L: What are your goals?
C: Both my long term and short term goals are survival. Obviously, every artist wants to be successful or at least live off their creativity, but you have to wise up. Being an artist is usually not particularly lucrative, so it’s essential to find other ways to get by or be creative with how you sell your art…as prints or cards for example. I live a very economic life and am always trying to save money to get by. The only things I’m fussy about are bread and wine.
L:What are you working on now?
C: At the moment, I’m working on a painting of myself and my best friend, or “the wife” as she likes to be referred to. It’s a depiction of misspent youth and apathy, with the figures conveying little enthusiasm or concern for the future. Sitting on top of a beautifully crafted, archaic cupboard surrounded by rubbish and pigeons eating KFC, they are attempting to communicate through paper cups connected by a string. I’m also trying to produce a mobile, a series of signs, a proposal for funding and sketch out card designs. As usual, I am attempting to tackle about a million things at once! The last thing I produced was a turtle fisherman card design.
Mother superior, Chloe Roach, 2012. Acrylic on board.
L: What do you find most difficult about working as an artist?
C: Money – no wonder its only rich kids studying art these days. It’s that and staying focused. All my artist friends have said the Internet is their enemy, and we’re all familiar with the journey that YouTube or a TV series can take you on, “Oh, I’ll just watch one more.” Before you know it, you’ve spent the whole day watching it and have achieved absolutely nothing apart from occasionally shouting at the screen and dribbling down your chin in anticipation of the next episode. Then a mate calls you asking if you want to go for a drink or go to a private view and you’re done. Zero productivity.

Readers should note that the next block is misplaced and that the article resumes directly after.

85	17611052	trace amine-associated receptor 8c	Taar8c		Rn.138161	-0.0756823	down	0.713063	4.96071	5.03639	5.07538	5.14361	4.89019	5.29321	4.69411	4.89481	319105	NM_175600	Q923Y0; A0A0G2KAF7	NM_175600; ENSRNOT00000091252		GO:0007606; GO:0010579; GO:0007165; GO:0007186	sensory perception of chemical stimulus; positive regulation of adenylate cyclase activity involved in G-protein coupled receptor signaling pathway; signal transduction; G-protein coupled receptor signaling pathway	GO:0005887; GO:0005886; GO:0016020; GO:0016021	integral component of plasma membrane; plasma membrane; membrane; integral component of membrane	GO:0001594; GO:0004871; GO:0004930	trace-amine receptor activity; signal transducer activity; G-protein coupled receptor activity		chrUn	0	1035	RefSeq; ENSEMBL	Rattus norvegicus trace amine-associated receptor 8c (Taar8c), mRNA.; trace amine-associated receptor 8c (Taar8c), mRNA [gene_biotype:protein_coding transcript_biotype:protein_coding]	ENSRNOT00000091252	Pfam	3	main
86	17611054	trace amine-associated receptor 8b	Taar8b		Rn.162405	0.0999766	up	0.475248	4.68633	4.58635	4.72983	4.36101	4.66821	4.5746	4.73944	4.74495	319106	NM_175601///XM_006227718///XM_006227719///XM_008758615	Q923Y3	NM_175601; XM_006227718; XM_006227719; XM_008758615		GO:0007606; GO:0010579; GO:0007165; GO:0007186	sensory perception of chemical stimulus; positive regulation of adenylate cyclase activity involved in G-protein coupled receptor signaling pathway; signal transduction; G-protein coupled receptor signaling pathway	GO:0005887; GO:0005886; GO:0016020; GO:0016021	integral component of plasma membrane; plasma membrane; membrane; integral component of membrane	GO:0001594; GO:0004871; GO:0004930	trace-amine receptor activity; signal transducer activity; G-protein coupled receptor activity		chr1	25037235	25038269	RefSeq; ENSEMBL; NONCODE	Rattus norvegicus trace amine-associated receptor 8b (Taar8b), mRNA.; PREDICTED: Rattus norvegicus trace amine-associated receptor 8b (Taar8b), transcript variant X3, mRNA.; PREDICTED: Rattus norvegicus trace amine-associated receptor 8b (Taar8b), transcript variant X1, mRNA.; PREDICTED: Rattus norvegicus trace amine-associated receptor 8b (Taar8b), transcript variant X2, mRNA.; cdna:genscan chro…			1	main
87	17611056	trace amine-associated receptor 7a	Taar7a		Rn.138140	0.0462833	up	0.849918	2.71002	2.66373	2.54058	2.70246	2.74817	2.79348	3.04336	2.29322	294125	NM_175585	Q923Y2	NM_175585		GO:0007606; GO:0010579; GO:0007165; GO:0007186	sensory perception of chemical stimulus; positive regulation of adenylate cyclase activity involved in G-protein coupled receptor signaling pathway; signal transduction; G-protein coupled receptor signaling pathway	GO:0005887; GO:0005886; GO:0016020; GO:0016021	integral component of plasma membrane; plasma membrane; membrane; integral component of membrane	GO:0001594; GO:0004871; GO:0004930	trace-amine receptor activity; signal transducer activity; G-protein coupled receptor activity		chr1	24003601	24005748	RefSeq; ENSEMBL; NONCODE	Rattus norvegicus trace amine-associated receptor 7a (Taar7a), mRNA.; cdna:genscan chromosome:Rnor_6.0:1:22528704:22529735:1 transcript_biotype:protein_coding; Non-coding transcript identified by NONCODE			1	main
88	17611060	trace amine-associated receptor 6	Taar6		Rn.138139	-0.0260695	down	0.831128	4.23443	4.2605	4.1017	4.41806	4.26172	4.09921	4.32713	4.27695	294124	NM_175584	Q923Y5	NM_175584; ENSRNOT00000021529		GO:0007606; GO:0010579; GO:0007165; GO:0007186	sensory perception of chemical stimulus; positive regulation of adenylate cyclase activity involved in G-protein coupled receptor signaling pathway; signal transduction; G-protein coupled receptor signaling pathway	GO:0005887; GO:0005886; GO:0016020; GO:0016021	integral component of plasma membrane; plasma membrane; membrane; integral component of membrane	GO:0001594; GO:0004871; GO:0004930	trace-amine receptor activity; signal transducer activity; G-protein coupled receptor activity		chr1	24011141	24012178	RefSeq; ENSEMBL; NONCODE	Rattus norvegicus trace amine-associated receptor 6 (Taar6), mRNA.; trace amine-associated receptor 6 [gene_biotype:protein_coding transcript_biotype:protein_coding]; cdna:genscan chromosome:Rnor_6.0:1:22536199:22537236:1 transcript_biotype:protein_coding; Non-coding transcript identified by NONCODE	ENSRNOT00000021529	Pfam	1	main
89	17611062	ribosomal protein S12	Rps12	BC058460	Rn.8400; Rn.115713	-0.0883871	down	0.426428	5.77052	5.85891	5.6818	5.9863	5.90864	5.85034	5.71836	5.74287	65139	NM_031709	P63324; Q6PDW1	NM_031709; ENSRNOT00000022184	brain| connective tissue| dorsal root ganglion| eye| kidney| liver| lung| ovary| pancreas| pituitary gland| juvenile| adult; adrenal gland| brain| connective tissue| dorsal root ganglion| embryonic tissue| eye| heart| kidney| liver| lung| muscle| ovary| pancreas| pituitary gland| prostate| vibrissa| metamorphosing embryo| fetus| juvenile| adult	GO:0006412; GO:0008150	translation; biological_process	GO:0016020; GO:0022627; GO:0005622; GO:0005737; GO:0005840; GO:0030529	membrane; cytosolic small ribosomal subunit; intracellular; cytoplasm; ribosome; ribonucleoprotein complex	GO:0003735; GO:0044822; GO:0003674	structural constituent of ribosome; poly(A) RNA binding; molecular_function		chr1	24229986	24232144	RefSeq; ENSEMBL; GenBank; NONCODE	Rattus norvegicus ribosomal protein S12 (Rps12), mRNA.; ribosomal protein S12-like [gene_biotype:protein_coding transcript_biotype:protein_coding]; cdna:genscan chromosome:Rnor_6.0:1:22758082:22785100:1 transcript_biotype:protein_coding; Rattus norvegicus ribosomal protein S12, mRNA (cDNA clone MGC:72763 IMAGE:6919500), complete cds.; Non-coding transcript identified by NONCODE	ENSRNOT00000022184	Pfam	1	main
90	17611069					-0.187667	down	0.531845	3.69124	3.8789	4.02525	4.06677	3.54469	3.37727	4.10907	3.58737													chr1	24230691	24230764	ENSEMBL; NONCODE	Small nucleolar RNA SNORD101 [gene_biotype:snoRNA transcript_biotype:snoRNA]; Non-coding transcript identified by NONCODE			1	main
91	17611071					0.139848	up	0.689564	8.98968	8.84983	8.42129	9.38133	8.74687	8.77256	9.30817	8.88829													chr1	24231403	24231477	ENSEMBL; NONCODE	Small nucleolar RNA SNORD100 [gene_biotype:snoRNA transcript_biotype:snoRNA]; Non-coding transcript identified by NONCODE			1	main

L: Do you think it’s possible to earn a living as an artist?
C: Well, painting whatever bizarre scenario pops into your head with little consideration for who’s going to buy it often can create commercial issues. I don’t have an agent, and I’m not paid by the hour, so the reward is being able to create something that really belongs to you and is truthful.
L: What do you enjoy the most about your work?
C: The most enjoyable part of the work is being able to express how you really feel. I don’t like confrontation, so my work can provide that outlet instead, being as rude or offensive as it wants to be. I can be crass or vulnerable or violent, and that’s ok. Also, I get to have dance breaks throughout a long painting session, and I find that particularly enjoyable: in that moment, I am George Michael.